Grand Jury Recommends Civilian Oversight of Sheriff's Office



The Humboldt County Civil Grand Jury is calling on the county to implement a layered system of police oversight of the sheriff's office similar to a model being used in Eureka.

"The Humboldt County Civil Grand Jury recommends that the board of supervisors establish a civilian oversight board to review, report on and make recommendations in support of law enforcement and an office of the inspector general to provide an independent, professional assessment of critical incidents and advice regarding law enforcement best practices," the grand jury's report states. "A civilian oversight board enhances transparency and accountability and gives the community a voice."

The Board of Supervisors and the Sheriff's Office have until the end of June to officially respond to the report but, reached by the Journal, Humboldt County Sheriff William Honsal questioned the need for such a system.

"I'm an elected official," Honsal said. "If there's going to be oversight, then why aren't all elected officials subject to oversight? Are we singling out the sheriff's office for some particular reason? I don't see a specific reason that they're saying the system we have in place is not working. To create another government body to provide advisory-type decision making to the sheriff, is that really necessary?"

In its first report of the 2023-2024 term, the grand jury begins by stressing that "oversight is constructive, not punitive," arguing that it can strengthen professionalism within law enforcement agencies and give residents a "clearer view" of critical incidents and allegations of misconduct. Further, the report argues, civilian oversight of elected offices "promotes good management, fiscal responsibility, transparency and accountability."

As it stands currently, the report argues there is little accountability for the sheriff, noting that while it is an elected position, elections only come every four years and it's common for the incumbent to run unopposed. As such, the report charges that the most effective supervision of the sheriff's office is currently done through the Board of Supervisors' annual budget appropriations process.

"Although the Humboldt County sheriff is entrusted with enormous power, the accountability of the sheriff is mostly limited to these annual budget reviews," the report states.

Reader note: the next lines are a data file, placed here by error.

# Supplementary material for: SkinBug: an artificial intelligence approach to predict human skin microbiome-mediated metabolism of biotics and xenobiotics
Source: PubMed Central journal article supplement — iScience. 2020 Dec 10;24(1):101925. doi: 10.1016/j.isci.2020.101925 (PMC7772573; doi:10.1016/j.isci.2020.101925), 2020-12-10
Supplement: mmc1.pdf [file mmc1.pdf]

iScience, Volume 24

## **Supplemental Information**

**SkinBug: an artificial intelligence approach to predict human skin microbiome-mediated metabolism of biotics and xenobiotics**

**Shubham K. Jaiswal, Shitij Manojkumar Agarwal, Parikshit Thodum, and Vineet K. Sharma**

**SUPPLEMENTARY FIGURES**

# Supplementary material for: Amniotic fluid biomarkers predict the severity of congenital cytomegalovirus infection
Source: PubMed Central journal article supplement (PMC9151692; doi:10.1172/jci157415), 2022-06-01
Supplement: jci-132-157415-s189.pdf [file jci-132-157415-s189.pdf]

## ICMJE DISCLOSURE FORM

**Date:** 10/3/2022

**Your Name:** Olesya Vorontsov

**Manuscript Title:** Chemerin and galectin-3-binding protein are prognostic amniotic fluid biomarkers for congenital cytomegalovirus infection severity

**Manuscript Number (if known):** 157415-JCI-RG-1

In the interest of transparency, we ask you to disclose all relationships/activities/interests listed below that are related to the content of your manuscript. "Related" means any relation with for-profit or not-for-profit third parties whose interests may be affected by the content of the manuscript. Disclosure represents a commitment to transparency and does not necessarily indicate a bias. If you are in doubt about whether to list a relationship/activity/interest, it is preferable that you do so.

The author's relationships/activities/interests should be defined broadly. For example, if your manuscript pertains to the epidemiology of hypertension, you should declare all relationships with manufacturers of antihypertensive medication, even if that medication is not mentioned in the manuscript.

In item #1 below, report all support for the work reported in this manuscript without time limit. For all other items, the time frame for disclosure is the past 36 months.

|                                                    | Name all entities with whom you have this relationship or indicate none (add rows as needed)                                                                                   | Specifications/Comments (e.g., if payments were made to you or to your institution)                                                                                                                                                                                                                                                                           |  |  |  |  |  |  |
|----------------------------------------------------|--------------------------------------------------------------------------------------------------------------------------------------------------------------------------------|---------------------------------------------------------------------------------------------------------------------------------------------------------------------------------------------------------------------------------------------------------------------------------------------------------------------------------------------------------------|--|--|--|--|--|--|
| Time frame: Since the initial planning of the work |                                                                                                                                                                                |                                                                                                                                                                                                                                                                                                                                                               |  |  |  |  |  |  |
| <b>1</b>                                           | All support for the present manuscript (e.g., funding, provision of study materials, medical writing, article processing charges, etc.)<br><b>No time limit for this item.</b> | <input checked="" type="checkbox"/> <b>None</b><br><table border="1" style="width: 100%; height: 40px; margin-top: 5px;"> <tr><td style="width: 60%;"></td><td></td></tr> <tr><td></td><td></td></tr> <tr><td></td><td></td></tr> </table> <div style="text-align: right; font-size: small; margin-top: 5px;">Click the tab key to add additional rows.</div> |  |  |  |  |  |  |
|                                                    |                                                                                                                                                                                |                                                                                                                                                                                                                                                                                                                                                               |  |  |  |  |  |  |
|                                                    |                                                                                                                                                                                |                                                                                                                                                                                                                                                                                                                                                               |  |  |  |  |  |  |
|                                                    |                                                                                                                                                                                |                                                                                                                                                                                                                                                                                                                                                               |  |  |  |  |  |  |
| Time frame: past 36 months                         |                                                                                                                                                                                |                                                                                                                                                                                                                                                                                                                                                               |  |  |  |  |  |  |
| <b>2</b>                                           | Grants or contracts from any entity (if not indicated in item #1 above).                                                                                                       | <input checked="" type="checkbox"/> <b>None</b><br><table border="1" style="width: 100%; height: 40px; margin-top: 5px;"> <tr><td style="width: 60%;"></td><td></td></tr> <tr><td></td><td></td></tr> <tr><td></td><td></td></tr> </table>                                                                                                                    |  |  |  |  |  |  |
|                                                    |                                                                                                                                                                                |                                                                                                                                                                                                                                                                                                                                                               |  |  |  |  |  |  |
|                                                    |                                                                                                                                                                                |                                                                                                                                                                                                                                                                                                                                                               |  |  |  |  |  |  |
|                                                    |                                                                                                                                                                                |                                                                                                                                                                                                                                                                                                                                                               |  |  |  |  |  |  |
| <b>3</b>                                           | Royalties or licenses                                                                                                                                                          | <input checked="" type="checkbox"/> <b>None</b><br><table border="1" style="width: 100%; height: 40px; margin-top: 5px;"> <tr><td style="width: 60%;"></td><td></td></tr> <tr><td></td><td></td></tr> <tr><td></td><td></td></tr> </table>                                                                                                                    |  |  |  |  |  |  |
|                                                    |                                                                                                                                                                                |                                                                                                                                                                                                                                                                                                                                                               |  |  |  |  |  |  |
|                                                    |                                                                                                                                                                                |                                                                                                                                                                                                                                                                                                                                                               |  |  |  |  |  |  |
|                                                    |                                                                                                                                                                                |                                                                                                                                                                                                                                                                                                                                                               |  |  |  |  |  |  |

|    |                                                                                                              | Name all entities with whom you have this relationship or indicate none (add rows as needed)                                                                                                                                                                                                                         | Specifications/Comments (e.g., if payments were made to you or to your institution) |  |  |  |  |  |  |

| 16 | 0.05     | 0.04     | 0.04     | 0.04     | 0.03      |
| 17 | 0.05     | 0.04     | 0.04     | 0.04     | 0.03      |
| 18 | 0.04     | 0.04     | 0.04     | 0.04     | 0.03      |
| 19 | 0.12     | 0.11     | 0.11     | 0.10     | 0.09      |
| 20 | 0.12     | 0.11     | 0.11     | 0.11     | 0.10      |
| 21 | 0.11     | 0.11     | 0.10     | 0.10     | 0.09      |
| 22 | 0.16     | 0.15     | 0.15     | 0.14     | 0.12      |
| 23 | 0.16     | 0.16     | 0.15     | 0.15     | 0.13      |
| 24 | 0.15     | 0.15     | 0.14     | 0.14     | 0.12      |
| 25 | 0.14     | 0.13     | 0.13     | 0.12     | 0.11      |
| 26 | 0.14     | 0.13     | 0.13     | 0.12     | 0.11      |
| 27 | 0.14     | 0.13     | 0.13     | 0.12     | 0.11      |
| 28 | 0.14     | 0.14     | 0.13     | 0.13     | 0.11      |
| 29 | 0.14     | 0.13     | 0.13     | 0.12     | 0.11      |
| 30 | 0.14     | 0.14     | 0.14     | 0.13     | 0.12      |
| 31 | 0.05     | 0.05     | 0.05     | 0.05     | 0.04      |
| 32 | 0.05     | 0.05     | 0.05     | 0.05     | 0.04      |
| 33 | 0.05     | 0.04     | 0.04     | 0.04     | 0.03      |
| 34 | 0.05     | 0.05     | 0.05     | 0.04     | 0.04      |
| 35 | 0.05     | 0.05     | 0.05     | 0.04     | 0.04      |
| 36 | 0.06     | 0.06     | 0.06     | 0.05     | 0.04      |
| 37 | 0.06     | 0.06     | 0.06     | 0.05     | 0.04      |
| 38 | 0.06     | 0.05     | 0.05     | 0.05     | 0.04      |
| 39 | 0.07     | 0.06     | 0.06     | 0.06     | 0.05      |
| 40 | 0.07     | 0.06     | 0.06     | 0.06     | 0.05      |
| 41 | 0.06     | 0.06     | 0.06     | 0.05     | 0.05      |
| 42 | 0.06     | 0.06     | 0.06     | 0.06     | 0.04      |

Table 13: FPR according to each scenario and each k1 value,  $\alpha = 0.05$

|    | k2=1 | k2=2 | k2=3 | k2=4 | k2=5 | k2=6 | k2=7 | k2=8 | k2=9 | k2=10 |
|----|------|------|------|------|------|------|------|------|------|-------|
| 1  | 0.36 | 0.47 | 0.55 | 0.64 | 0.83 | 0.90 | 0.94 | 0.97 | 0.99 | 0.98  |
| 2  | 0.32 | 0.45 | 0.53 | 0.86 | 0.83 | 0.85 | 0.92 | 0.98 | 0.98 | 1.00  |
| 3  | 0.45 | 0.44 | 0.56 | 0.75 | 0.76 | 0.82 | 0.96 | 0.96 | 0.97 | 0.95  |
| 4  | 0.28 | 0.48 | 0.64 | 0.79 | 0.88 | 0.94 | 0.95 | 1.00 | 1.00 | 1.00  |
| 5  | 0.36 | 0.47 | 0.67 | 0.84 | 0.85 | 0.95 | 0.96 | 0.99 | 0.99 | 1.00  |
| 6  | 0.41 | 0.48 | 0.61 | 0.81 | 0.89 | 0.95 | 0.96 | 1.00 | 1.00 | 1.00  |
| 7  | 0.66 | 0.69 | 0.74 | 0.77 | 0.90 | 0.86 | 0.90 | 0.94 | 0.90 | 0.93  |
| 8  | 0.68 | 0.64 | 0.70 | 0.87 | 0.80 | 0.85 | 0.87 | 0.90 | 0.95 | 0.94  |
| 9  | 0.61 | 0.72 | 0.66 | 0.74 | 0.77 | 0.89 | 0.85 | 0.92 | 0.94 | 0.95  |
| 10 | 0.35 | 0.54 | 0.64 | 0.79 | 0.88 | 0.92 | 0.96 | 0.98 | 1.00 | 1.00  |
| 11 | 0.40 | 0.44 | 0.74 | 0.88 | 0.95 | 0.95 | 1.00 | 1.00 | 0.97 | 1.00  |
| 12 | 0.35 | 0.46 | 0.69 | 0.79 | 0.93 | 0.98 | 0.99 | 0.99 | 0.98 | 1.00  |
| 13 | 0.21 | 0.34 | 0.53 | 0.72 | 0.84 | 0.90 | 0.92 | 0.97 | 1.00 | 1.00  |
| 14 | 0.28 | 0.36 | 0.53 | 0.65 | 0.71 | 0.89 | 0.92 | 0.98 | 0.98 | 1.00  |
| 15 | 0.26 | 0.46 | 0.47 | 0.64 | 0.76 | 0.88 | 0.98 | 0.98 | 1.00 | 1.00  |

Honsal pushes back on this assertion, noting that in addition to elections, voters have the ability to recall the sheriff if there's dissatisfaction in the community. Additionally, he notes the district attorney is the co-lead in the county's multi-agency Critical Incident Response Team protocol for critical incident investigations, adding a layer of oversight, while the Department of Justice can intercede if it feels a sheriff isn't following the law.

"They have the authority to essentially shut down the sheriff's office, criminally charge me or bring me to court," Honsal says, adding that the Humboldt County Human Rights Commission and the grand jury itself also exercise oversight roles locally.

But what the grand jury is recommending is a more direct and ongoing system of oversight for the sheriff's office, which has about 300 employees, fielded more than 48,000 calls for service in 2021 and has an annual operating budget of about $62 million, according to the report.

The grand jury recommends a two-prong system.

The first element is a civilian oversight board that would be "a cross section of county residents" appointed by and responsible to the county Board of Supervisors. The board would be given the power to subpoena documents from the sheriff's office, as well as witnesses, which the grand jury deems "an essential element if the public is to have trust and confidence in the oversight board." The board would have the authority to investigate and review policies and practices, make findings and recommendations. It would meet in public, with the sheriff or undersheriff required to attend.

The second prong of the system recommended by the grand jury would be an "inspector general" — either an individual or a qualified professional firm — appointed by the board of supervisors who would receive and review citizen complaints, investigate critical incidents and allegations of misconduct, monitor law enforcement operations through regular audits and investigations, and review internal investigations conducted by the sheriff's office. Additionally, the inspector general would analyze racial profiling data and trends, and make recommendations regarding law enforcement policies and practices.